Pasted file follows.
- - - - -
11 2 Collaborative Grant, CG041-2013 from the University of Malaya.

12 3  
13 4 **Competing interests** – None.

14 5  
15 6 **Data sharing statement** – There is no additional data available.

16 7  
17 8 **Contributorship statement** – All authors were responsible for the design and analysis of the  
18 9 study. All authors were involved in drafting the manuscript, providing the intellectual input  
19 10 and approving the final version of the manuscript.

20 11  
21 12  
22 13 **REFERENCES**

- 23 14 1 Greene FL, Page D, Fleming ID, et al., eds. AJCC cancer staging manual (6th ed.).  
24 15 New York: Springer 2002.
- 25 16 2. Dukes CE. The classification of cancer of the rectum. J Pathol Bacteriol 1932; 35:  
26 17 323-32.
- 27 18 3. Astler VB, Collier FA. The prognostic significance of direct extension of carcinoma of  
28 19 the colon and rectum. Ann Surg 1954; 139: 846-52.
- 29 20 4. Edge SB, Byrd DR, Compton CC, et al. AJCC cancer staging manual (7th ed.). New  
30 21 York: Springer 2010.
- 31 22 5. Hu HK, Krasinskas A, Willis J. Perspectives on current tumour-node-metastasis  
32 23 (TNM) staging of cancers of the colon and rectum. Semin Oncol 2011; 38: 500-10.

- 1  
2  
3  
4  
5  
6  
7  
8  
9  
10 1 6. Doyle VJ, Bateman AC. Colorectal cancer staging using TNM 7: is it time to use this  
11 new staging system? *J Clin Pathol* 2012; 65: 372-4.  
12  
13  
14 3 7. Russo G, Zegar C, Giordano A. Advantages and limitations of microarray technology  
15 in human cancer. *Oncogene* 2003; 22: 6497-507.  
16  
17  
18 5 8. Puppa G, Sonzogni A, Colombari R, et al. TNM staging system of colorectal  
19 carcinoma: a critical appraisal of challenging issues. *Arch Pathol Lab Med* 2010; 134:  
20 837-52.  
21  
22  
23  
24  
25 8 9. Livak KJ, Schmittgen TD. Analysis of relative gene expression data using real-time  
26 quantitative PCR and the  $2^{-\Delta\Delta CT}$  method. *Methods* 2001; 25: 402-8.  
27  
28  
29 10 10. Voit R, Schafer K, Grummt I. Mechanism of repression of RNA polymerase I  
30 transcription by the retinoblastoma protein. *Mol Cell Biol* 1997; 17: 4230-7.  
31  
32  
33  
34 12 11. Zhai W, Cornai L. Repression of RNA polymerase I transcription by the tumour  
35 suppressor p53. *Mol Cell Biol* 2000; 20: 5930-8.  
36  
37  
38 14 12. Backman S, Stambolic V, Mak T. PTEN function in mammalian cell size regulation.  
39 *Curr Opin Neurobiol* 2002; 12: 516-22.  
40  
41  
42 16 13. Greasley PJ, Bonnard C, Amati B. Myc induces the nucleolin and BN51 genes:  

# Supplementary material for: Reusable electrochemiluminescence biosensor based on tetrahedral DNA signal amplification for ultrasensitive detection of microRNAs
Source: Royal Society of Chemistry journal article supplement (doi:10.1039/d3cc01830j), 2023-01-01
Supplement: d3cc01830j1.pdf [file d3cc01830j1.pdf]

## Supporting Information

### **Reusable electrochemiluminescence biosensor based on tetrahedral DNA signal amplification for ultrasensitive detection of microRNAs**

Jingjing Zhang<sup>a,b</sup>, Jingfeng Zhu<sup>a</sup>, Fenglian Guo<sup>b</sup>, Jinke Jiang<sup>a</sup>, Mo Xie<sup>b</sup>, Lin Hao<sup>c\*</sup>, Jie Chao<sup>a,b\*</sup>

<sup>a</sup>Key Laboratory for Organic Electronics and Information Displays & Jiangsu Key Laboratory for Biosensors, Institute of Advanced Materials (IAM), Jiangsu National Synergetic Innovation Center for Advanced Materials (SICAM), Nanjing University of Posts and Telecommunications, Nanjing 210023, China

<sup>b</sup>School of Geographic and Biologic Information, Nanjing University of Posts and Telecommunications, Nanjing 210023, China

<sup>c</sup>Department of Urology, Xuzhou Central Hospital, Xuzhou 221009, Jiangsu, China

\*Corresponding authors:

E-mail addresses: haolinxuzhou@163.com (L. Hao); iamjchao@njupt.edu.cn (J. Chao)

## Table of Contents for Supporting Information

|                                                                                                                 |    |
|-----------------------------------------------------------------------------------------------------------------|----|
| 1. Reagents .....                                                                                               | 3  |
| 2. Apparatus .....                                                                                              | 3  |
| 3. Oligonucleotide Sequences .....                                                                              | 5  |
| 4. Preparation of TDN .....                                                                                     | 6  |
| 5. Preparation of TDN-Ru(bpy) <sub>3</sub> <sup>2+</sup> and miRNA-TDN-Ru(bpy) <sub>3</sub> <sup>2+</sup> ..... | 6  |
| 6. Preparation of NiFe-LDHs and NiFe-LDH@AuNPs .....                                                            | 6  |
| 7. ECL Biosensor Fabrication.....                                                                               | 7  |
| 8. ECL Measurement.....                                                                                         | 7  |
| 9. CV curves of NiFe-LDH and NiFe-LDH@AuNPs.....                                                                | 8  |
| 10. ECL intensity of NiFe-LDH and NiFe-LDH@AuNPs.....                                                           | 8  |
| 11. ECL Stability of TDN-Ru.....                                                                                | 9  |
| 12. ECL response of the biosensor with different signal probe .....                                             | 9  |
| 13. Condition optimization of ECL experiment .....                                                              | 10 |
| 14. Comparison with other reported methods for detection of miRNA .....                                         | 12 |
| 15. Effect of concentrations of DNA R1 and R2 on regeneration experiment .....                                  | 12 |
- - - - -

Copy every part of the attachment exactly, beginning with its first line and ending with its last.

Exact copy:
11 2 Collaborative Grant, CG041-2013 from the University of Malaya.

12 3  
13 4 **Competing interests** – None.

14 5  
15 6 **Data sharing statement** – There is no additional data available.

16 7  
17 8 **Contributorship statement** – All authors were responsible for the design and analysis of the  
18 9 study. All authors were involved in drafting the manuscript, providing the intellectual input  
19 10 and approving the final version of the manuscript.

20 11  
21 12  
22 13 **REFERENCES**

- 23 14 1 Greene FL, Page D, Fleming ID, et al., eds. AJCC cancer staging manual (6th ed.).  
24 15 New York: Springer 2002.
- 25 16 2. Dukes CE. The classification of cancer of the rectum. J Pathol Bacteriol 1932; 35:  
26 17 323-32.
- 27 18 3. Astler VB, Collier FA. The prognostic significance of direct extension of carcinoma of  
28 19 the colon and rectum. Ann Surg 1954; 139: 846-52.
- 29 20 4. Edge SB, Byrd DR, Compton CC, et al. AJCC cancer staging manual (7th ed.). New  
30 21 York: Springer 2010.
- 31 22 5. Hu HK, Krasinskas A, Willis J. Perspectives on current tumour-node-metastasis  
32 23 (TNM) staging of cancers of the colon and rectum. Semin Oncol 2011; 38: 500-10.

- 1  
2  
3  
4  
5  
6  
7  
8  
9  
10 1 6. Doyle VJ, Bateman AC. Colorectal cancer staging using TNM 7: is it time to use this  
11 new staging system? *J Clin Pathol* 2012; 65: 372-4.  
12  
13  
14 3 7. Russo G, Zegar C, Giordano A. Advantages and limitations of microarray technology  
15 in human cancer. *Oncogene* 2003; 22: 6497-507.  
16  
17  
18 5 8. Puppa G, Sonzogni A, Colombari R, et al. TNM staging system of colorectal  
19 carcinoma: a critical appraisal of challenging issues. *Arch Pathol Lab Med* 2010; 134:  
20 837-52.  
21  
22  
23  
24  
25 8 9. Livak KJ, Schmittgen TD. Analysis of relative gene expression data using real-time  
26 quantitative PCR and the  $2^{-\Delta\Delta CT}$  method. *Methods* 2001; 25: 402-8.  
27  
28  
29 10 10. Voit R, Schafer K, Grummt I. Mechanism of repression of RNA polymerase I  
30 transcription by the retinoblastoma protein. *Mol Cell Biol* 1997; 17: 4230-7.  
31  
32  
33  
34 12 11. Zhai W, Cornai L. Repression of RNA polymerase I transcription by the tumour  
35 suppressor p53. *Mol Cell Biol* 2000; 20: 5930-8.  
36  
37  
38 14 12. Backman S, Stambolic V, Mak T. PTEN function in mammalian cell size regulation.  
39 *Curr Opin Neurobiol* 2002; 12: 516-22.  
40  
41  
42 16 13. Greasley PJ, Bonnard C, Amati B. Myc induces the nucleolin and BN51 genes:  

# Supplementary material for: Reusable electrochemiluminescence biosensor based on tetrahedral DNA signal amplification for ultrasensitive detection of microRNAs
Source: Royal Society of Chemistry journal article supplement (doi:10.1039/d3cc01830j), 2023-01-01
Supplement: d3cc01830j1.pdf [file d3cc01830j1.pdf]

## Supporting Information

### **Reusable electrochemiluminescence biosensor based on tetrahedral DNA signal amplification for ultrasensitive detection of microRNAs**

Jingjing Zhang<sup>a,b</sup>, Jingfeng Zhu<sup>a</sup>, Fenglian Guo<sup>b</sup>, Jinke Jiang<sup>a</sup>, Mo Xie<sup>b</sup>, Lin Hao<sup>c\*</sup>, Jie Chao<sup>a,b\*</sup>

<sup>a</sup>Key Laboratory for Organic Electronics and Information Displays & Jiangsu Key Laboratory for Biosensors, Institute of Advanced Materials (IAM), Jiangsu National Synergetic Innovation Center for Advanced Materials (SICAM), Nanjing University of Posts and Telecommunications, Nanjing 210023, China

<sup>b</sup>School of Geographic and Biologic Information, Nanjing University of Posts and Telecommunications, Nanjing 210023, China

<sup>c</sup>Department of Urology, Xuzhou Central Hospital, Xuzhou 221009, Jiangsu, China

\*Corresponding authors:

E-mail addresses: haolinxuzhou@163.com (L. Hao); iamjchao@njupt.edu.cn (J. Chao)

## Table of Contents for Supporting Information

|                                                                                                                 |    |
|-----------------------------------------------------------------------------------------------------------------|----|
| 1. Reagents .....                                                                                               | 3  |
| 2. Apparatus .....                                                                                              | 3  |
| 3. Oligonucleotide Sequences .....                                                                              | 5  |
| 4. Preparation of TDN .....                                                                                     | 6  |
| 5. Preparation of TDN-Ru(bpy) <sub>3</sub> <sup>2+</sup> and miRNA-TDN-Ru(bpy) <sub>3</sub> <sup>2+</sup> ..... | 6  |
| 6. Preparation of NiFe-LDHs and NiFe-LDH@AuNPs .....                                                            | 6  |
| 7. ECL Biosensor Fabrication.....                                                                               | 7  |
| 8. ECL Measurement.....                                                                                         | 7  |
| 9. CV curves of NiFe-LDH and NiFe-LDH@AuNPs.....                                                                | 8  |
| 10. ECL intensity of NiFe-LDH and NiFe-LDH@AuNPs.....                                                           | 8  |
| 11. ECL Stability of TDN-Ru.....                                                                                | 9  |
| 12. ECL response of the biosensor with different signal probe .....                                             | 9  |
| 13. Condition optimization of ECL experiment .....                                                              | 10 |
| 14. Comparison with other reported methods for detection of miRNA .....                                         | 12 |
| 15. Effect of concentrations of DNA R1 and R2 on regeneration experiment .....                                  | 12 |